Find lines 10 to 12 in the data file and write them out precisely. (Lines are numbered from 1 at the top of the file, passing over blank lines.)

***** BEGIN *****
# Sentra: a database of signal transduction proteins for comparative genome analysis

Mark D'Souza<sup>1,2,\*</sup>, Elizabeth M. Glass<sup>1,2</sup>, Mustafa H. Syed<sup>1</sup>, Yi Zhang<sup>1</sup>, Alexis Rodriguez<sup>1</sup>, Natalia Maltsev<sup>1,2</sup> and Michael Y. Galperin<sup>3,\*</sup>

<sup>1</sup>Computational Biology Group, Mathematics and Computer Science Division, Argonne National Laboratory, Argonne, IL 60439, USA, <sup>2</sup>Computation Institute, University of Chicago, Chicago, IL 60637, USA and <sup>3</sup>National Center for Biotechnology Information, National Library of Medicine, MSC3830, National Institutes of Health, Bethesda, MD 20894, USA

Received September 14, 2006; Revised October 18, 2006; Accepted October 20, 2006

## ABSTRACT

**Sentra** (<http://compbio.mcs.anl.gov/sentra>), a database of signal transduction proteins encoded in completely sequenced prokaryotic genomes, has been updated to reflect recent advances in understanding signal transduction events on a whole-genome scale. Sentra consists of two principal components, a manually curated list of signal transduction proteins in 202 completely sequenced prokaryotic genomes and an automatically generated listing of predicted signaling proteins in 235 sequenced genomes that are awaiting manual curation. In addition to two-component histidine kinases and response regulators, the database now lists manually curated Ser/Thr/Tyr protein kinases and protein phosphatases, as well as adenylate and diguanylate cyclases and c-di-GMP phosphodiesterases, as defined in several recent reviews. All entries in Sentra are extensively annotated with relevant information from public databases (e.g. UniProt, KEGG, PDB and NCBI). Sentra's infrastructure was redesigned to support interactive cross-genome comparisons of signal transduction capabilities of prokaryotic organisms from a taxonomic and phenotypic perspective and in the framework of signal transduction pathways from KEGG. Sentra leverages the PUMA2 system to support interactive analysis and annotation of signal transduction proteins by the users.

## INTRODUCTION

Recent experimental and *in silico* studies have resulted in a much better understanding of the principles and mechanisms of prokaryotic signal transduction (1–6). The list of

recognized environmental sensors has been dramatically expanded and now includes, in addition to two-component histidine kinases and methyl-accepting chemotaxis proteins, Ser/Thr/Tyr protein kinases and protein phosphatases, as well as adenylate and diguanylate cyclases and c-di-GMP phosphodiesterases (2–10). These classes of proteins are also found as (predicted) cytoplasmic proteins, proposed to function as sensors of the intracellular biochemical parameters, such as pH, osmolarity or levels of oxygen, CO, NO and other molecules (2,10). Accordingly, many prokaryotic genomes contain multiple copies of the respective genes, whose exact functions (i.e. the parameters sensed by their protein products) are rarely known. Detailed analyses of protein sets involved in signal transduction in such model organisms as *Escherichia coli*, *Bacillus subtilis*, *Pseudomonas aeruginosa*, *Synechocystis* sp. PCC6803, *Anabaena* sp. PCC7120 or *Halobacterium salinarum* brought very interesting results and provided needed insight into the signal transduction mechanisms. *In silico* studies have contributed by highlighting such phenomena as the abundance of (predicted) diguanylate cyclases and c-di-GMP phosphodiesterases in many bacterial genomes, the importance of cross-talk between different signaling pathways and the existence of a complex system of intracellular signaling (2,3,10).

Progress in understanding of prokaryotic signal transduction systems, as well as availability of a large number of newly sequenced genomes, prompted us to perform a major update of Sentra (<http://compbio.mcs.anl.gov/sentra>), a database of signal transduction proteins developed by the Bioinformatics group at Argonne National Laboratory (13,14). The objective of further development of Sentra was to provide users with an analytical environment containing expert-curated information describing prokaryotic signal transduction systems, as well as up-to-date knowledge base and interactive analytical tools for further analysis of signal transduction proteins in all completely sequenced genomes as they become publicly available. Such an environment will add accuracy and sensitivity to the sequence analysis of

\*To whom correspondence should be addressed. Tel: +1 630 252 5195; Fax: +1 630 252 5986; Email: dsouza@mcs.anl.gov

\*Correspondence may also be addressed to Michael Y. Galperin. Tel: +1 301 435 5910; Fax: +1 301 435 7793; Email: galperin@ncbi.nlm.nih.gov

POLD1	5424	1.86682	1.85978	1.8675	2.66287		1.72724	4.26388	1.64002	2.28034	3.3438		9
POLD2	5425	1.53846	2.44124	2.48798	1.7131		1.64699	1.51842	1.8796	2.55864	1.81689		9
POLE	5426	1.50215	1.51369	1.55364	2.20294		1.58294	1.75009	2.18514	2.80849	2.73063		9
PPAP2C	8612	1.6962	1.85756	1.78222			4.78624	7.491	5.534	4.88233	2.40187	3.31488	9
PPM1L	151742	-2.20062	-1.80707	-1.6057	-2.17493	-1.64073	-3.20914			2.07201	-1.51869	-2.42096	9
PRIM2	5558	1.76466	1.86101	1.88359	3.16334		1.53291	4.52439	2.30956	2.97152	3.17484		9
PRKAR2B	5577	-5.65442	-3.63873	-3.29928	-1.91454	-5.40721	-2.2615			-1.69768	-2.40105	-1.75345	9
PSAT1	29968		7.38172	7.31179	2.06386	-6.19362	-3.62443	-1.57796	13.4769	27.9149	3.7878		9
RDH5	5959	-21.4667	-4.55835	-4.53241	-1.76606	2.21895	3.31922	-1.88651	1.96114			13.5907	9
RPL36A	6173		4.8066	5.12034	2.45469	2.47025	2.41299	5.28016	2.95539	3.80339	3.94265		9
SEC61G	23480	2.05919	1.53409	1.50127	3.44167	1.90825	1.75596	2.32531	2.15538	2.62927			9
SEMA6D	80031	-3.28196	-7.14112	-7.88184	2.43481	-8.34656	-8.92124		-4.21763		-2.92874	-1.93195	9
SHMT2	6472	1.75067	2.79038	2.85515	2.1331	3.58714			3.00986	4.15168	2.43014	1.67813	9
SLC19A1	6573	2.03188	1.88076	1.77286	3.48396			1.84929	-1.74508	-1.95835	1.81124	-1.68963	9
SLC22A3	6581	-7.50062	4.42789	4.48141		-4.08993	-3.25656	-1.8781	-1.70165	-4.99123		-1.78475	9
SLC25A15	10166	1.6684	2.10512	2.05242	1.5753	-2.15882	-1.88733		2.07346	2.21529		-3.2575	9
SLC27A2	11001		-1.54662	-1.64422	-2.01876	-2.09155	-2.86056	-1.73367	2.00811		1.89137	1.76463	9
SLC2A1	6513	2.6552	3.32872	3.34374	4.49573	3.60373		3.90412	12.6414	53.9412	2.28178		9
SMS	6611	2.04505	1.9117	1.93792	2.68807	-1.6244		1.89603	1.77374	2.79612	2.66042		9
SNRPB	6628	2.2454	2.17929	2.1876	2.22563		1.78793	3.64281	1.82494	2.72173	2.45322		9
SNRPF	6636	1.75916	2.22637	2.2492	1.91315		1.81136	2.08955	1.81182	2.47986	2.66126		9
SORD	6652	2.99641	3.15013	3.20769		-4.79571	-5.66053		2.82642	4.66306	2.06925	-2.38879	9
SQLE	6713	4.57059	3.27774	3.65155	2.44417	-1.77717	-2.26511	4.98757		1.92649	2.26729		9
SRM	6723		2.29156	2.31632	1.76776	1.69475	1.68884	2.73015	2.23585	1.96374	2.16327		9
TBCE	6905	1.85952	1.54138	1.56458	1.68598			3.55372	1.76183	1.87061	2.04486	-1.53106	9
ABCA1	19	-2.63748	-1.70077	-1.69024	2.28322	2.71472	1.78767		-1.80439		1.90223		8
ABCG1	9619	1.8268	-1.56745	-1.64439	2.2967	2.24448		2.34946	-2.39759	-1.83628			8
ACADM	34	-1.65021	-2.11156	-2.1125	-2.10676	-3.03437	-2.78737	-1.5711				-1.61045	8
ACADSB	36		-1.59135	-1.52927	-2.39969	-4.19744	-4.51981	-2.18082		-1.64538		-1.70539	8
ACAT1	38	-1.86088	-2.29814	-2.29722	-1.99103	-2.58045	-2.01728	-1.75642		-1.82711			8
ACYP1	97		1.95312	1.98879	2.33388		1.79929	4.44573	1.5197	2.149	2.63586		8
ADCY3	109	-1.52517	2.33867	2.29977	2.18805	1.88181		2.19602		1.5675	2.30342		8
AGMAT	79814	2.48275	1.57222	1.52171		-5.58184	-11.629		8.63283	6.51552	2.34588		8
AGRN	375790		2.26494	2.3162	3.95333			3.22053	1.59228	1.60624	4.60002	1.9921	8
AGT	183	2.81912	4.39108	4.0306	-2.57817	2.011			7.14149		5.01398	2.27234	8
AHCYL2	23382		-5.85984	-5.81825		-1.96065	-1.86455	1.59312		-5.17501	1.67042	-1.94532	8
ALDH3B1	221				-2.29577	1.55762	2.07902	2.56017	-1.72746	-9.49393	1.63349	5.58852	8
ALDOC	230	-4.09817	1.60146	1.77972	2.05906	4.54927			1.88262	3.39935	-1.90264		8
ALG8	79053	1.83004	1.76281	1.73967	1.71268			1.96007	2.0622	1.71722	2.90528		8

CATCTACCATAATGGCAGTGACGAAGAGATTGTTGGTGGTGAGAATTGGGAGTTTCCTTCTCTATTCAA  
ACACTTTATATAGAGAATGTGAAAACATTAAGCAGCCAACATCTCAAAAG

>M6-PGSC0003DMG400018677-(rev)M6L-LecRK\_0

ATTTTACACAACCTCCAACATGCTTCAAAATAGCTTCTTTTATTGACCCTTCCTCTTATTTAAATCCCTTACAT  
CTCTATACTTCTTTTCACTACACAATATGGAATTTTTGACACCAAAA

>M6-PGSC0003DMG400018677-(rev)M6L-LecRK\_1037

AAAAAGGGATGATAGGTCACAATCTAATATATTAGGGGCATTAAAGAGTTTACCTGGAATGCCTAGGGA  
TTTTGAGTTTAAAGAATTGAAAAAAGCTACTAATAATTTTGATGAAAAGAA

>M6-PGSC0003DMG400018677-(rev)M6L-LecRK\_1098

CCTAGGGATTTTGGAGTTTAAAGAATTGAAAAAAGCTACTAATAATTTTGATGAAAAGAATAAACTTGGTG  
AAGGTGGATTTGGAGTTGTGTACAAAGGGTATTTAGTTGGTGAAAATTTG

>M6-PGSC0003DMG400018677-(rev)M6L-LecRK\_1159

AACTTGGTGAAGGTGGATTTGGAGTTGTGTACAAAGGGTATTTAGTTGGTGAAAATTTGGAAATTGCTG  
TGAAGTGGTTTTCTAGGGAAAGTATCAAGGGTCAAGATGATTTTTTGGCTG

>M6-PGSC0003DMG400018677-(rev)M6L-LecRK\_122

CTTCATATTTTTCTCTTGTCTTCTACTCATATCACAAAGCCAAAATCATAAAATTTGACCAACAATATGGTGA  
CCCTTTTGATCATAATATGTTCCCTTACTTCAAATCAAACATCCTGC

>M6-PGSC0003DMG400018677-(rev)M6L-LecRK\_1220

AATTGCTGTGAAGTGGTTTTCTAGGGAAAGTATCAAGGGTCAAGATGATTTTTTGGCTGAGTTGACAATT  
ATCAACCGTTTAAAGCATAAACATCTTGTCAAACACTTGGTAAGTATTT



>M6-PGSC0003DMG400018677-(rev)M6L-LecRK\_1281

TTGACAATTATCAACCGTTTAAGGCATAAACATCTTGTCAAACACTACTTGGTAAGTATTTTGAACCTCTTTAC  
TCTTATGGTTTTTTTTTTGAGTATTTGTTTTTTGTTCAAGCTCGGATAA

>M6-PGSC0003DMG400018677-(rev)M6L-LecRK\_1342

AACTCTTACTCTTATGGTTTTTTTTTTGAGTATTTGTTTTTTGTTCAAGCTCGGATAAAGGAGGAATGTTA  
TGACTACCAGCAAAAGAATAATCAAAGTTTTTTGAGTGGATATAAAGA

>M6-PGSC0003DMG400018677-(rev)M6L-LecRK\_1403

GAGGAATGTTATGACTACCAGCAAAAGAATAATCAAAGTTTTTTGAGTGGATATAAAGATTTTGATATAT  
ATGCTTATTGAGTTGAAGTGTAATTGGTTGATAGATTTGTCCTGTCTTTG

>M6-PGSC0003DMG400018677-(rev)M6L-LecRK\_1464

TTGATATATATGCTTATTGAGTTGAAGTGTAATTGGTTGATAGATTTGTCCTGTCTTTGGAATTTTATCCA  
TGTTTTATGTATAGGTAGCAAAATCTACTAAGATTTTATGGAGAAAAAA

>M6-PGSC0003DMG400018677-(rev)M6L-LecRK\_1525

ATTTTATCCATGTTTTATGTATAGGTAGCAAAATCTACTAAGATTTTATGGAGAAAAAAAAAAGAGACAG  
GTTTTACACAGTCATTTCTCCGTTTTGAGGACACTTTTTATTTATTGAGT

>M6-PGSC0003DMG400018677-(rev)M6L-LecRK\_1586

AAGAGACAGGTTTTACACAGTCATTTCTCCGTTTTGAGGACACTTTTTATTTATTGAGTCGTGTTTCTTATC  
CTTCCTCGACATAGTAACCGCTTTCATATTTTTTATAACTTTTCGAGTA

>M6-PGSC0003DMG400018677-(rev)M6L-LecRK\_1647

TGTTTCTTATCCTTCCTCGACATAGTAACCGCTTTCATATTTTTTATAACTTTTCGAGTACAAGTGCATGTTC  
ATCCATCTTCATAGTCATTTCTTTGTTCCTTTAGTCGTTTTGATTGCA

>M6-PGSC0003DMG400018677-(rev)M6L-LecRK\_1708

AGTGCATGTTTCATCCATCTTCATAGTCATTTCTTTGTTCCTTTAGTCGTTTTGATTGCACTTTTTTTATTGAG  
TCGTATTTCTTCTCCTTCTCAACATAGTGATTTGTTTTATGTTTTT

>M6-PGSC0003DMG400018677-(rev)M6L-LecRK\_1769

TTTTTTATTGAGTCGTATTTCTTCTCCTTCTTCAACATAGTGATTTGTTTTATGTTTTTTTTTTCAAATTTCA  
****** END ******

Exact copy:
Progress in understanding of prokaryotic signal transduction systems, as well as availability of a large number of newly sequenced genomes, prompted us to perform a major update of Sentra (<http://compbio.mcs.anl.gov/sentra>), a database of signal transduction proteins developed by the Bioinformatics group at Argonne National Laboratory (13,14). The objective of further development of Sentra was to provide users with an analytical environment containing expert-curated information describing prokaryotic signal transduction systems, as well as up-to-date knowledge base and interactive analytical tools for further analysis of signal transduction proteins in all completely sequenced genomes as they become publicly available. Such an environment will add accuracy and sensitivity to the sequence analysis of

\*To whom correspondence should be addressed. Tel: +1 630 252 5195; Fax: +1 630 252 5986; Email: dsouza@mcs.anl.gov

\*Correspondence may also be addressed to Michael Y. Galperin. Tel: +1 301 435 5910; Fax: +1 301 435 7793; Email: galperin@ncbi.nlm.nih.gov